Präsentation Vietnam mit Küstenmanagement

January 6, 2018 | Author: Anonymous | Category: Social Science, Political Science, Public Administration
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Albanian VET Strategy and Action Plan for the period 2013 - 2020 Workshop on VET System Management and Financing

VET System Financing Werner Heitmann Senior VET Policy Consultant Tirana | 13 June 2012


Seite 1

Basic Challenge of VET System Financing Society Government Government must be interested in satisfying market and social demand. Competitiveness

Labour Market Demand from Enterprises


Social Demand from Individuals VET System

Ability to Study

Employability Donor Contribution


Seite 2

Inter-company training model

Co-operation Strategy


Both are needed for sustainable improvement of VET!

Market model

Partnership model

Alternating model


 Efficiency: Input-OutputRelation  Effectiveness: Impactorientation


Efficiency and Effectiveness of VET

Status Quo

Rehabilitation Strategy



Government School model



Seite 3

Key Elements of VET Financing Systems Vision: Challenges: 

 

Public funds are decreasing, but still the main source State budget alone is not sufficient for high-quality VET offers Enterprises hardly contributing Individuals‘ ability-to-pay is limited Donor financing is lacking sustainability Control Mechanisms:

Ensuring transparency; Avoiding misuse; Monitor & evaluate progress and impact

Diversification of VET Financing (State, Enterprises, Individuals) Strategy: Generation of Resources

Efficient and effective allocation of rare resources

Objective: Management

Four Key Elements


Stronger incentive-driven & output-orientated financing mechanisms Result :


Replacement of input-driven financing mechanisms through demand-driven financing mechanisms (e.g. vouchers, loans)

Organisation: Establishment of stakeholderdriven VET Funds in Combination with a National VET Authority 13.04.2015

Seite 4

Four Basic Allocation Models Decentralised (market) Approaches International Trend

Purposespecific purchasing from providers

Demanddriven allocation through trainees


Contract based

Input Orientiation

Output Orientation


Centrally planned, inputbased distribution to providers

Performancebased distribution to providers Programorientated

Output-oriented allocation motivates VET providers to increase their internal efficiency. Three reform models: 1. Financing of VET programmes (performance-based) 2. Tender-based purchase of VET services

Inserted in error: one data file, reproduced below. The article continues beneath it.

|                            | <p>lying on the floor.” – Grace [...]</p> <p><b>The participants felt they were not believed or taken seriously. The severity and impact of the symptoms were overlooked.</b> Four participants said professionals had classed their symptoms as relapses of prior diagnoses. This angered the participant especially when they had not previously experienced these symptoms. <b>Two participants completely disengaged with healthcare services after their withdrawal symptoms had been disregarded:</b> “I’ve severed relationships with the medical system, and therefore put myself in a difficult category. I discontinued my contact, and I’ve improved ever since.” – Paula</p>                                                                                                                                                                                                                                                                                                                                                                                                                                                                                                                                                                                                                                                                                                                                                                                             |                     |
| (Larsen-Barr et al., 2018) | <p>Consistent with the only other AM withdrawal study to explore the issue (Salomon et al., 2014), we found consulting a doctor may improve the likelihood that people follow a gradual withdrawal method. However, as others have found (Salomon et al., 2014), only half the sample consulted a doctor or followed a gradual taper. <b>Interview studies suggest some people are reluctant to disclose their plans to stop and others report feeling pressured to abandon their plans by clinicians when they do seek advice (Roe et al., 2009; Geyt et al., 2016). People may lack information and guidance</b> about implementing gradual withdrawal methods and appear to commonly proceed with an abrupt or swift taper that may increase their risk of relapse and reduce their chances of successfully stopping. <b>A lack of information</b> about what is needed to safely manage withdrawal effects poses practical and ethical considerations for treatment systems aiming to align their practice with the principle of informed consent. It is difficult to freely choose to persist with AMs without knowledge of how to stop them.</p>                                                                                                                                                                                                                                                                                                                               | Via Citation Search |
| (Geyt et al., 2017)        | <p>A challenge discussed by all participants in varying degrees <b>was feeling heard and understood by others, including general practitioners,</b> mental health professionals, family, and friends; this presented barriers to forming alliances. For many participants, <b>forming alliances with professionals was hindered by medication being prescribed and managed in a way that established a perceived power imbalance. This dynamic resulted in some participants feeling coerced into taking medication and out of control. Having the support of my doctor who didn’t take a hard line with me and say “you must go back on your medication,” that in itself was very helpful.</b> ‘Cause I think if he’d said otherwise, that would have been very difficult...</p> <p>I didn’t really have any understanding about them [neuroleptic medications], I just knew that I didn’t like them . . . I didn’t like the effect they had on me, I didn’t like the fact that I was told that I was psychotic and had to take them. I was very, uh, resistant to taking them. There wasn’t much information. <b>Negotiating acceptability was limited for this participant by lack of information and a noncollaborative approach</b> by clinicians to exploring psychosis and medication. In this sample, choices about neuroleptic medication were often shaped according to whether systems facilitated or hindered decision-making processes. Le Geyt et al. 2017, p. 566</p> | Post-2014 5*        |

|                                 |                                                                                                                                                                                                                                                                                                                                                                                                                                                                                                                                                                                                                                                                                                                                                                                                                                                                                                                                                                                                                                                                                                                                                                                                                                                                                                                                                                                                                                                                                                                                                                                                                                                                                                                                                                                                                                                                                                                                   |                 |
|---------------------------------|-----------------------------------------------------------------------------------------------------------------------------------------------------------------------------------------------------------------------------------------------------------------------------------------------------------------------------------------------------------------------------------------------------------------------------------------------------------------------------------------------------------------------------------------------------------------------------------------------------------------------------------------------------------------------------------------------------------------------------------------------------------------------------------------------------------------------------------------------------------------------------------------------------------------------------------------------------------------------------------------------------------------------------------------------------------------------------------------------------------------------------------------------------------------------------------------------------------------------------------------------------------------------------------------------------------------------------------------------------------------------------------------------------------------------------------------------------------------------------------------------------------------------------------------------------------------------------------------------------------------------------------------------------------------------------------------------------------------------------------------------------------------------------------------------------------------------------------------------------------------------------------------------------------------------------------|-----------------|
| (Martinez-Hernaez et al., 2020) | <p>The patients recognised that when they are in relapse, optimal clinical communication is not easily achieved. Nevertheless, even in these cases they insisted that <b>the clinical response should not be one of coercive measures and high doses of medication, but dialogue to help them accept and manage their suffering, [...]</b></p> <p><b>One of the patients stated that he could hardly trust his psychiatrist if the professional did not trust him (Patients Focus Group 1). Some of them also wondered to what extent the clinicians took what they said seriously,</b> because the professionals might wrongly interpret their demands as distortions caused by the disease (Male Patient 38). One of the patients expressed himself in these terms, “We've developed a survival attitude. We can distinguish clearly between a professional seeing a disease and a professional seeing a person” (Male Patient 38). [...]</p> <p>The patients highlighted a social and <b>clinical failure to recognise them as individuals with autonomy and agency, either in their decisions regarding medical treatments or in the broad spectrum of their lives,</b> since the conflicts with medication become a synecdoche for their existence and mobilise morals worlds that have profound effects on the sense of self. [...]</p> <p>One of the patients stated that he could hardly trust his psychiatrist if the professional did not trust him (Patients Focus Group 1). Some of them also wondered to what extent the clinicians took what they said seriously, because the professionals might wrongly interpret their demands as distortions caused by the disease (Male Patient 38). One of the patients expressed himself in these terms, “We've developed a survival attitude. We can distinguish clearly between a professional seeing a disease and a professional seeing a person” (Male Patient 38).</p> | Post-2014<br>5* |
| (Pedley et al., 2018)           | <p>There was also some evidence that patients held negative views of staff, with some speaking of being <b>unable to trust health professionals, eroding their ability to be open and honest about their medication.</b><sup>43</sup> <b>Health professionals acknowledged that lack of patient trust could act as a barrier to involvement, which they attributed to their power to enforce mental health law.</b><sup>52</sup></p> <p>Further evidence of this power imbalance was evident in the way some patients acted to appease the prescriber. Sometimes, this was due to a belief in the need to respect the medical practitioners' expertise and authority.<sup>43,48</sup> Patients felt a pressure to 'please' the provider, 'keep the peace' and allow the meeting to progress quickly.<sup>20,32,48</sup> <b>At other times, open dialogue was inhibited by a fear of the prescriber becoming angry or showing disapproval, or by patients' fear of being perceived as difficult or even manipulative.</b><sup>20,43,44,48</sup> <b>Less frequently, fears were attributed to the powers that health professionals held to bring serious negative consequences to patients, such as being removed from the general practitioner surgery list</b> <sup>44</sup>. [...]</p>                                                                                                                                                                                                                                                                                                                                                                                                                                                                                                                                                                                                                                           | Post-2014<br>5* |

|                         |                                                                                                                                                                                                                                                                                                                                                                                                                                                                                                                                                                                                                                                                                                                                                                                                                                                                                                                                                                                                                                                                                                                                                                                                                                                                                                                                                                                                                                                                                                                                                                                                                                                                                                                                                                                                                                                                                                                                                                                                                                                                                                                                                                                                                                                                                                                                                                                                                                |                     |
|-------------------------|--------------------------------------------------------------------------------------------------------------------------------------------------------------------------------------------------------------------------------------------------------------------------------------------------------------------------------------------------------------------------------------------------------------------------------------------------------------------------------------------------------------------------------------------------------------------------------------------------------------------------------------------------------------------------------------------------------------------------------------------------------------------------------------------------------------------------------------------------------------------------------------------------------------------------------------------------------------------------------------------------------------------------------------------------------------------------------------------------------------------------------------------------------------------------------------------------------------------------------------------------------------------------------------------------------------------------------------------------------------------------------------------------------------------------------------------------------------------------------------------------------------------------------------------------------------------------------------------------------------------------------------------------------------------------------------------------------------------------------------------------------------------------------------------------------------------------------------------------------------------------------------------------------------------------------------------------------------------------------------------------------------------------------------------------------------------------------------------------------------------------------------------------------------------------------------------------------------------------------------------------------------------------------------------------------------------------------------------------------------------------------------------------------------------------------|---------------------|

Centralized (regulated) Approaches

3. Learner-centered financing model


Seite 5

Strengthening Private Sector Involvement  Target: Direct contribution | In-Company Training  Utilization of workplaces for training increases | Efficiency  In-Company Training is employment-relevant | Effectiveness  Direct benefit must be recognized ( Cost-benefit analysis)

 Incentive Systems | Indirect Monetary Contribution  Collective VET Levy  Levy-Grant-Systems (levy exemption, re-distribution, re-funding)  Special taxes

A VET Levy System can only be realized in combination with a National VET Fund.


Seite 6

VET Levy  Advantages  Adequate measure if engagement of companies in VET is weak  Purpose-specific utilization of funds  Constant flow of funds | Applicable to all companies

 Disadvantages  Informal sector | SMEs: Ability-to-pay is negligible  Companies see levies as a burden, not an incentive Particularly tax-paying enterprises being engaged in VET  Mistrust in public institutions | Low acceptance Clear regulations for purpose-specific utilization of funds, or combination of levies with pay-back / refunding mechanisms are necessary!


Seite 7

Training cost

Training Levy | 3 Pay-Back Mechanisms

Training providing Company

Training cost

Non-Training providing Company

Option 1: Exemption from Training Levy Administration cost VET Funds

Training Levy

Training providing Company

National VET Fund

Option 2: Re-funding of training cost Option 3: Redistributed levy

Direct Allocation to Training Provider, etc.


Seite 8

Management via VET Funds  Key characteristics  Budget clearly addressed to VET purposes only, no access through other state budget positions  Can be fed by sources of the public and/or private sector, donor contributions etc.  Frequently (not necessarily) combined with a levy system

 Advantages     

Budgets reserved for VET purposes | Reliable financial planning Through ‚Funding Windows‘: Adressing special target groups Cross-subsidisation (between VET sub-systems) easier to control Private sector engagement in financing and forming VET system Independent / performance-based distribution of funds to providers


Seite 9

Common VET Financing Reform Approaches Grants, Loans, Vouchers

Government / State Budget Allocation

Subsidies, Matching Grants, Tax Benefits

Grants / Loans

National VET Fund


VET Levy





Target groups: Trainees, Workers

Fees / Vouchers

Performance / Output-orientated Financing

Public and Private Training Providers

Additional Revenues

Income-Generating Activities


Seite 10

VET Voucher System | Possible Design VET Authority: Legislation, Regulation, Coordination, Facilitation Government

National VET Fund VET Budget Temporary Budget Support

VET Levy

including VET Voucher & Levy Administration

VET Information Center

Innovation Budget

Levy-based Grant Tax Incentives

Voucher Schemes

Grants Donors

Quality Assurance & Accreditation

VET Innovation Fund

Matching Grants


Tuition Fees

VET Vouchers

Enterprises Employers

Employee Voucher Schemes

Public & Private VET Providers Income Generation

Cooperative Training; Partnerships between Industry & VET Providers


Seite 11

Thank you for your attention…


Seite 12

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